LGDs and Sheep | National Great Pyrenees Rescue

My Pyrenees live with the sheep and sleep with the sheep in their shelters and run-ins—so they are inside the fence with the sheep. This protects the Pyrs both from vehicles, etc. but also from themselves, as without being given a boundary, they would be tempted to take on the whole neighborhood or county as their responsibility to protect. I have heard folks say that their LGDs may leave the fenced area if they are chasing a predator but then always come back, but I have not had this happen (yet).

My fencing is mostly 5-strand high-tensile electric, with the "winter" yard near the barn being a combination of high tensile, livestock panels, and woven wire. I have one field beyond my current pasture that I'm hoping to fence where I will probably use a combination of woven wire with one high-tensile wire run above it, and one run on the inside at 30 inches to keep the sheep off the fence. It is tempting to put a strand of barbed wire on the outside (1-2 inches above soil) to keep predators from digging, but I'm not sure whether I will or not. I also use Premier's ElectroNet or TensionNet to subdivide the pasture.

Sheep! Magazine cover
A Pyr on the cover of Sheep! Magazine.
The Pyrenees respect the electric fences very well—the only time I've had one go through or under a fence was with my old Lady, who absolutely loved my granddaughter and would do it to go to her. When Katie got older, Lady still loved her but seemed less worried about her and stopped doing that. My dogs will bark at cars, trucks and tractors passing on the road because they are so territorial and believe nothing should come near our place. When visitors come and they understand they are with me and "okay", they are fine with other people—some are friendly, and some are reserved and keep their watchful distance.

I feed a good quality dry food but, unless you have a place they can get into to eat that the sheep cannot (sheep love the grains in dry dog food), be prepared to feed them only what they will clean up right away (and I usually mix a bit of canned food in to encourage this—especially in the heat of the summer when their appetite is not as good. In the winter I try to provide an extra course of fat for them (beef marrow bones, olive oil on their dry food, meat scraps, fats, juices mixed into their dry food). I have not seen dysplasia but don't know that it might not exist in some. And like any large breed, 10-12 years old is getting up there in age. Lady died of congestive heart failure at 11 and Tramp (her work partner), who is almost that now, is getting quite arthritic.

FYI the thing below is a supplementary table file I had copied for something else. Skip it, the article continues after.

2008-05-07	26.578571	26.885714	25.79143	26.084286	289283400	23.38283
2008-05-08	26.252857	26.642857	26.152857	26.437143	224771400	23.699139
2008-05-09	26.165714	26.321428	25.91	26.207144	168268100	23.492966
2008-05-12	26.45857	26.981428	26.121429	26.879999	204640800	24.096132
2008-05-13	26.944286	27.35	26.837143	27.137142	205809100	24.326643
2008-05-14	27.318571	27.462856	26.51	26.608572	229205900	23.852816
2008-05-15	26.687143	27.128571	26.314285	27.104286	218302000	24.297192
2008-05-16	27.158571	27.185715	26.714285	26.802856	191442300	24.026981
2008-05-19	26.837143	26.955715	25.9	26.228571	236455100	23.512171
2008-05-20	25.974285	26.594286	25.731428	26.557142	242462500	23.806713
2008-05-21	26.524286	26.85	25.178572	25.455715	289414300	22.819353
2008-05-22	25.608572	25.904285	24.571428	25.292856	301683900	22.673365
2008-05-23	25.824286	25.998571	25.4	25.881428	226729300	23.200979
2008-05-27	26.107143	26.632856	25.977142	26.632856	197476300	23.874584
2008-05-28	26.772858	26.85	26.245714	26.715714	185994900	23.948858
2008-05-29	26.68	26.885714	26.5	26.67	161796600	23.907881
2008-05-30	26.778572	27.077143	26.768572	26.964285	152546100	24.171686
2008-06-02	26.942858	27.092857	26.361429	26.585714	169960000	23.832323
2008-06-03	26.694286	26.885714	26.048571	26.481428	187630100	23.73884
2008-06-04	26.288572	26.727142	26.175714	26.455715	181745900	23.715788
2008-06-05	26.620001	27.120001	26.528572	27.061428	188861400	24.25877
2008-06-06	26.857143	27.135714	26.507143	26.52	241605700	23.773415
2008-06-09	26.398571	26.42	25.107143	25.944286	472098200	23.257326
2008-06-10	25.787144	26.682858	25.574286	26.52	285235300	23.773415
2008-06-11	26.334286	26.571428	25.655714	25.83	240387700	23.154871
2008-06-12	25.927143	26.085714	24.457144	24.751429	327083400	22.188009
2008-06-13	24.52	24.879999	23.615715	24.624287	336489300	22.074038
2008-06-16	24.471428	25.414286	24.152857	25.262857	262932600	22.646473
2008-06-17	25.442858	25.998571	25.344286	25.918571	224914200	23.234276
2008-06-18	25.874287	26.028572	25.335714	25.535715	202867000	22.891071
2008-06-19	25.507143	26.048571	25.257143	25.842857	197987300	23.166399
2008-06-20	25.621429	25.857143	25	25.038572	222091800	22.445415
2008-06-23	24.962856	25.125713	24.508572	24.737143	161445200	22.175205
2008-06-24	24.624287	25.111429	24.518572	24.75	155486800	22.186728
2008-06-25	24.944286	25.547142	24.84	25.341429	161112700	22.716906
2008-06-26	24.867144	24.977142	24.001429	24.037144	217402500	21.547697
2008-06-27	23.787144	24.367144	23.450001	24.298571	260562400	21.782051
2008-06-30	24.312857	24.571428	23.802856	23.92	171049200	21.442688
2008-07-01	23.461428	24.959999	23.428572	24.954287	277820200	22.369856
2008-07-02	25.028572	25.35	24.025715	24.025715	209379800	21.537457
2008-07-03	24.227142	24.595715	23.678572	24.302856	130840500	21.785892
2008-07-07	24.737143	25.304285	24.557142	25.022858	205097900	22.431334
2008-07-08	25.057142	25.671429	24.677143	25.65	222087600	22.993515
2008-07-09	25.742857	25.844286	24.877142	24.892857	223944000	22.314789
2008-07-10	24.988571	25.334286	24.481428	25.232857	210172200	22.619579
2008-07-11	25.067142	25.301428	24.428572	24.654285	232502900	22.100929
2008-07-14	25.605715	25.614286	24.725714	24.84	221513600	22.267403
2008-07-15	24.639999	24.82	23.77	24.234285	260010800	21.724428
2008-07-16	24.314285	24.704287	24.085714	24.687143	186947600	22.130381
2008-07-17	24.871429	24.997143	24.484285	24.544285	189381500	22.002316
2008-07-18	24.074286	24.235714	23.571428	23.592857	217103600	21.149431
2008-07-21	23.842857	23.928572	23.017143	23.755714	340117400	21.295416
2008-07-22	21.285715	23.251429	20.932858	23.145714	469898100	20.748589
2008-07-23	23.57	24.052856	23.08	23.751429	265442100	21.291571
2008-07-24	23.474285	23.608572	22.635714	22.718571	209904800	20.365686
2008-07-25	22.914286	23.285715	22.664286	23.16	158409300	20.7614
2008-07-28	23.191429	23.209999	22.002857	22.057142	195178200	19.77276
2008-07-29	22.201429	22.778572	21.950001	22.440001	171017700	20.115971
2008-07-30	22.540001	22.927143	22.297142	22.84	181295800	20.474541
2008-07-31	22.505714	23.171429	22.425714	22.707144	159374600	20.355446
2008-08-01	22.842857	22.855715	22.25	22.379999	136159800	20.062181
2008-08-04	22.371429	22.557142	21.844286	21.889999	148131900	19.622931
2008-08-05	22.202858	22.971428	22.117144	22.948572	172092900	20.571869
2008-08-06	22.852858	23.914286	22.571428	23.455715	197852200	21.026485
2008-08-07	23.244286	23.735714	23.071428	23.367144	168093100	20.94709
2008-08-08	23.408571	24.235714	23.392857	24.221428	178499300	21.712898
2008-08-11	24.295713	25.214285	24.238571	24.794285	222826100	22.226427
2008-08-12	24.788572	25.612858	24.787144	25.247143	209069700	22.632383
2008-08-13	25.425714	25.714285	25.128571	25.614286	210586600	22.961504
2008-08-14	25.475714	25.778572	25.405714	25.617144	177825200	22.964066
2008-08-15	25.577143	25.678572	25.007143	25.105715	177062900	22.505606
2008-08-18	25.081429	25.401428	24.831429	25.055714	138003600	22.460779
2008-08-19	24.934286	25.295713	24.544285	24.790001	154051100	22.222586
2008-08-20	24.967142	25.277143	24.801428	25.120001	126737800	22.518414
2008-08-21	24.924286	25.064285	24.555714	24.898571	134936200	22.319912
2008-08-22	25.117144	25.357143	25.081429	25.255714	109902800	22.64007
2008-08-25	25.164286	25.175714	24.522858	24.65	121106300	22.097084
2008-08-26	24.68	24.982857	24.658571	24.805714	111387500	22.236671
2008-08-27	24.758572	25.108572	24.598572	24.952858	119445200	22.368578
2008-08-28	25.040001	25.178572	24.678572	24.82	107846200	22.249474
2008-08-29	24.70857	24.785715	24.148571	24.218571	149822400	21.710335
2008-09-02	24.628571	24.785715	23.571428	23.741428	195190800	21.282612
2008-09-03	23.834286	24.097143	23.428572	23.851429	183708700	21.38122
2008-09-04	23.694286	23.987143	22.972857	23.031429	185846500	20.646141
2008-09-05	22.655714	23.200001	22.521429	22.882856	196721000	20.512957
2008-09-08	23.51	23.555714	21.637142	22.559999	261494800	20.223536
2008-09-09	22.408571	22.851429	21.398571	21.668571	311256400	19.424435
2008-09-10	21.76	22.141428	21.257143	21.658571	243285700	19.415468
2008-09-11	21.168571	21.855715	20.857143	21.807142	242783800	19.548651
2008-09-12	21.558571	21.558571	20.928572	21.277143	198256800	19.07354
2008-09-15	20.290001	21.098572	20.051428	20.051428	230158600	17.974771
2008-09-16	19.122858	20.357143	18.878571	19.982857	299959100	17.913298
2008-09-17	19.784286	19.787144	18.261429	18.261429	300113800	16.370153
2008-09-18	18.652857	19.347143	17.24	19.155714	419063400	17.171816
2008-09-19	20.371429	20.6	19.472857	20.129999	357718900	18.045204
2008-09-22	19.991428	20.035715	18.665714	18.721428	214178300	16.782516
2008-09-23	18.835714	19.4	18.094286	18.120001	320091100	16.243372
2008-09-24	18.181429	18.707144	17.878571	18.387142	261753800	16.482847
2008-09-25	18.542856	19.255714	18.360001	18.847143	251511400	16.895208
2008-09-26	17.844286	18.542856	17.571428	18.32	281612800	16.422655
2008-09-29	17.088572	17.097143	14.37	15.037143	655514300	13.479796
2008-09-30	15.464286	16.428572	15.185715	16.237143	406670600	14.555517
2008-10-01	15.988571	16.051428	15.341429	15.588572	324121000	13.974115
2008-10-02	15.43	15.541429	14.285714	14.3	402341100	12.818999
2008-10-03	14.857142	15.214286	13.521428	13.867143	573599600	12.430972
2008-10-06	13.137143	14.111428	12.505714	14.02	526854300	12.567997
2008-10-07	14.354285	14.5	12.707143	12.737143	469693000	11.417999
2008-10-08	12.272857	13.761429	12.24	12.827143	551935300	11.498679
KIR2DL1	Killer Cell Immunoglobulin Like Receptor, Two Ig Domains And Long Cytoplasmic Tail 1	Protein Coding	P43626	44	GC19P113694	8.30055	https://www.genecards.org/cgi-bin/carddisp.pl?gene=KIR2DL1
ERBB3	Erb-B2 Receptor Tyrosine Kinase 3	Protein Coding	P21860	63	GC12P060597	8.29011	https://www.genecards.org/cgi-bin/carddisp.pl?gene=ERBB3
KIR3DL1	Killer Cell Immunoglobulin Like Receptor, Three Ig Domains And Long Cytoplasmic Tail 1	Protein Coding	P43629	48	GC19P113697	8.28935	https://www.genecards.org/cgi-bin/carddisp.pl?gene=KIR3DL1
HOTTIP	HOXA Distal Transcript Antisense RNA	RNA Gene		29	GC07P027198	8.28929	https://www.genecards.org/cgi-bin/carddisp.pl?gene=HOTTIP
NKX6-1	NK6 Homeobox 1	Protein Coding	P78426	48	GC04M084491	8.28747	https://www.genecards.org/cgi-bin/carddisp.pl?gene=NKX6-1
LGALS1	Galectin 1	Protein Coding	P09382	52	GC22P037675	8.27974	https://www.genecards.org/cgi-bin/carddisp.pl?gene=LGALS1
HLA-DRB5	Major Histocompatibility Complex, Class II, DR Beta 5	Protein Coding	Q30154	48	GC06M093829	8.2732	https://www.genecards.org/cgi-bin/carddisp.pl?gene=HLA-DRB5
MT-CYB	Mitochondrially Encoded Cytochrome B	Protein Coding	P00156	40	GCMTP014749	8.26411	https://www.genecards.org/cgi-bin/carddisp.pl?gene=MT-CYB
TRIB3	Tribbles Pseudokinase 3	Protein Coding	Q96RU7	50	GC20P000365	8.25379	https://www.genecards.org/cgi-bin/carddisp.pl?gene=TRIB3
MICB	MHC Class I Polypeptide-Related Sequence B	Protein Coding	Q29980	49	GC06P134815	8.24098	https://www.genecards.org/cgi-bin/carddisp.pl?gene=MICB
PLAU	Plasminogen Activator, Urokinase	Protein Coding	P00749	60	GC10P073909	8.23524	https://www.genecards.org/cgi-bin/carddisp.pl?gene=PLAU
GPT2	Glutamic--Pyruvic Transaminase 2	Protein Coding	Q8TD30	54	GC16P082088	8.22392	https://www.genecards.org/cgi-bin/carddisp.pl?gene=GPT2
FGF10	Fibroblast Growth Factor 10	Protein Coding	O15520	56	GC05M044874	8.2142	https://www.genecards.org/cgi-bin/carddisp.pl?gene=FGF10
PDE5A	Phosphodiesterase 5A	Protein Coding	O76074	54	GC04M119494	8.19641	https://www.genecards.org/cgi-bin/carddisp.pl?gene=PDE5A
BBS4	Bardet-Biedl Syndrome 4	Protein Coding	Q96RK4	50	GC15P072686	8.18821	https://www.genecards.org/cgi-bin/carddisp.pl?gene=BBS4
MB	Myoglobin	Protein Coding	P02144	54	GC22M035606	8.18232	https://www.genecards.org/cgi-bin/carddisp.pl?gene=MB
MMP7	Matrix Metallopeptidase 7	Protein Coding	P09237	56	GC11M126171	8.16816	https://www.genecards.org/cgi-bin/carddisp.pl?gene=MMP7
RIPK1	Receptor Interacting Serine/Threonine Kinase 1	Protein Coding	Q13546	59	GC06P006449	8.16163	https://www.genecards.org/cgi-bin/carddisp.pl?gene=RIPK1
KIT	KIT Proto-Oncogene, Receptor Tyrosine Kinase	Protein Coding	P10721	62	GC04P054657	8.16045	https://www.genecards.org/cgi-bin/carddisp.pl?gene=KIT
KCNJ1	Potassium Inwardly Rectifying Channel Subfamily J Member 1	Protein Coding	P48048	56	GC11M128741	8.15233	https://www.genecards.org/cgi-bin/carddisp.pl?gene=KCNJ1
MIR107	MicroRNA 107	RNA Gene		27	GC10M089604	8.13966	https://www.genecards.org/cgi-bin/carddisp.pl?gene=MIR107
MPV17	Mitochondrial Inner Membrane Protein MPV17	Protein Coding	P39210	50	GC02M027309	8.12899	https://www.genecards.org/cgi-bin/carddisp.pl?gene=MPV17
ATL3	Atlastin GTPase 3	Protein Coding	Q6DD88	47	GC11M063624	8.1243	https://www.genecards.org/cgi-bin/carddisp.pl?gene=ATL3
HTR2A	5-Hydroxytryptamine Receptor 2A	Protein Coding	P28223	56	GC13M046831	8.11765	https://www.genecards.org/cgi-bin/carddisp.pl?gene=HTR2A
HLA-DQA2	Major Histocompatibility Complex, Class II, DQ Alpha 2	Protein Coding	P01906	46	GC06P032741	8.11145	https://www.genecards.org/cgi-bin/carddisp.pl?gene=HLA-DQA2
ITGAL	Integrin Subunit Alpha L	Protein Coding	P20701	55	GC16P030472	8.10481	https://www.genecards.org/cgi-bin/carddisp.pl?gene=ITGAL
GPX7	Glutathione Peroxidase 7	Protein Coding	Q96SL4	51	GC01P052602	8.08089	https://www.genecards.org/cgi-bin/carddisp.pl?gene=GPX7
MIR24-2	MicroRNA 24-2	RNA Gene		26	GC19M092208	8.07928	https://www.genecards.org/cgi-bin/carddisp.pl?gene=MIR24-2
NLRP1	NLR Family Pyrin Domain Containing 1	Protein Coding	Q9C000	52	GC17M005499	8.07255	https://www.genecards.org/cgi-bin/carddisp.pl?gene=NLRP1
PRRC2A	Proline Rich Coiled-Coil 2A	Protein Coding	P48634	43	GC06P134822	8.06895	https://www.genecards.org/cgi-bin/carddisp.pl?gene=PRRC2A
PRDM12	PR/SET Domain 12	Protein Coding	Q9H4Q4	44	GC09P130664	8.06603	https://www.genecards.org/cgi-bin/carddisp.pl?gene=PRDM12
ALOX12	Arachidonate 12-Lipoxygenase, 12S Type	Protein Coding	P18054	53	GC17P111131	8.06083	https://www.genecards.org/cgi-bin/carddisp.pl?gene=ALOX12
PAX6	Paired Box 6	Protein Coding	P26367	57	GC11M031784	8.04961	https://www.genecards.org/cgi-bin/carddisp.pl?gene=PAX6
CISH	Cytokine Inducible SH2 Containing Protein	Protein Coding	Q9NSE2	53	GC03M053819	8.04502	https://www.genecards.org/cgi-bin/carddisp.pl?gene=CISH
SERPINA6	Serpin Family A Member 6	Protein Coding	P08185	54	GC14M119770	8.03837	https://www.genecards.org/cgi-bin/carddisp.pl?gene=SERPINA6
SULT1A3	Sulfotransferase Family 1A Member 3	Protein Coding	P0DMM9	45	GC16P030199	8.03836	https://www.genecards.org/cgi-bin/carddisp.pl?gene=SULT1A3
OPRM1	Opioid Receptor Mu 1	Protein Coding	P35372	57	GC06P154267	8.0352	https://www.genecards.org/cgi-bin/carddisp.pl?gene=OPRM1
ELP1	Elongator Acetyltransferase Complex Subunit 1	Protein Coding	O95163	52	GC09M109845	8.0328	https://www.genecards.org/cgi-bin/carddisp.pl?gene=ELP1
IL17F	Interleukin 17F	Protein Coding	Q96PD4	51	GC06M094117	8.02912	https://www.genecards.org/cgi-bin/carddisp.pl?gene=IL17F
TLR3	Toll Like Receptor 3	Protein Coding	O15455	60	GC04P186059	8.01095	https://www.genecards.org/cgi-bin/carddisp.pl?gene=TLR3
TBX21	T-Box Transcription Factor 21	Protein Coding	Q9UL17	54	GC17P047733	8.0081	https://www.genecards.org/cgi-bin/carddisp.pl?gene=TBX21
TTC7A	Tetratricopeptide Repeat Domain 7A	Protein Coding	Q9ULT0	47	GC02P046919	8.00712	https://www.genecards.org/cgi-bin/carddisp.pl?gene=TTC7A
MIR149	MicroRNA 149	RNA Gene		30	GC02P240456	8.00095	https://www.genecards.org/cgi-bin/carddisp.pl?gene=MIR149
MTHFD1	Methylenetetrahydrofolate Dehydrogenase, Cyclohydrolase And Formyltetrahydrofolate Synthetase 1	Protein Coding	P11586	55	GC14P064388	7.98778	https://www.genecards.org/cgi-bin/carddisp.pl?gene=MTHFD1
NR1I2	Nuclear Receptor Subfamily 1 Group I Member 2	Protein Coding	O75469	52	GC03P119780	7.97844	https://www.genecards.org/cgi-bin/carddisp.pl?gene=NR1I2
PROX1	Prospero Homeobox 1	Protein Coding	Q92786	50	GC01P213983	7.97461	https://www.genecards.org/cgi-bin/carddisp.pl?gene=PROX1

I don't believe that the dogs have a stubborn streak, as much as the fact that they are a very intelligent dog and will work and gladly die for you and their sheep as trusted partners. You don't order them around or "train" them as you're used to with other dogs. My first Pyr came from the heart of downtown, metro Syracuse, NY, and had never seen a sheep at age 4. I penned her (livestock panels or electronet) where she could be with the sheep and get acquainted when I was not with her. Then I'd walk her on a leash around the perimeter of the field so she could learn her boundaries, and through the flock so she learned to move slowly and not race through or at them. Then I gradually dropped the leash and let her move on her own with the leash or long-line dragging so I could easily catch her up if need be. Then with no leash, but I'd work nearby and keep an eye on things and then trusted her on her own. She never disappointed me. I've used basically the same method with other Pyrs and so far, it's always worked. Another reason they need to be penned at first is to get them to a point where they trust you. I recently took in a rescue/stray from the SPCA who obviously had been terribly mistreated, and it took awhile for him to trust me—now he's the dearest, most loving dog but very afraid yet of other people (he may never be good against two-legged predators). We're working on getting him to realize that, while it's fun to run after the sheep if they break and run from him, it's not really the right thing to do!

I really love having two dogs who can work as a team, one "on duty" while the other rests, and one there to back up the other if needed with numerous predators, etc. And I just love watching how they do work together.

— by Mary K. Gloster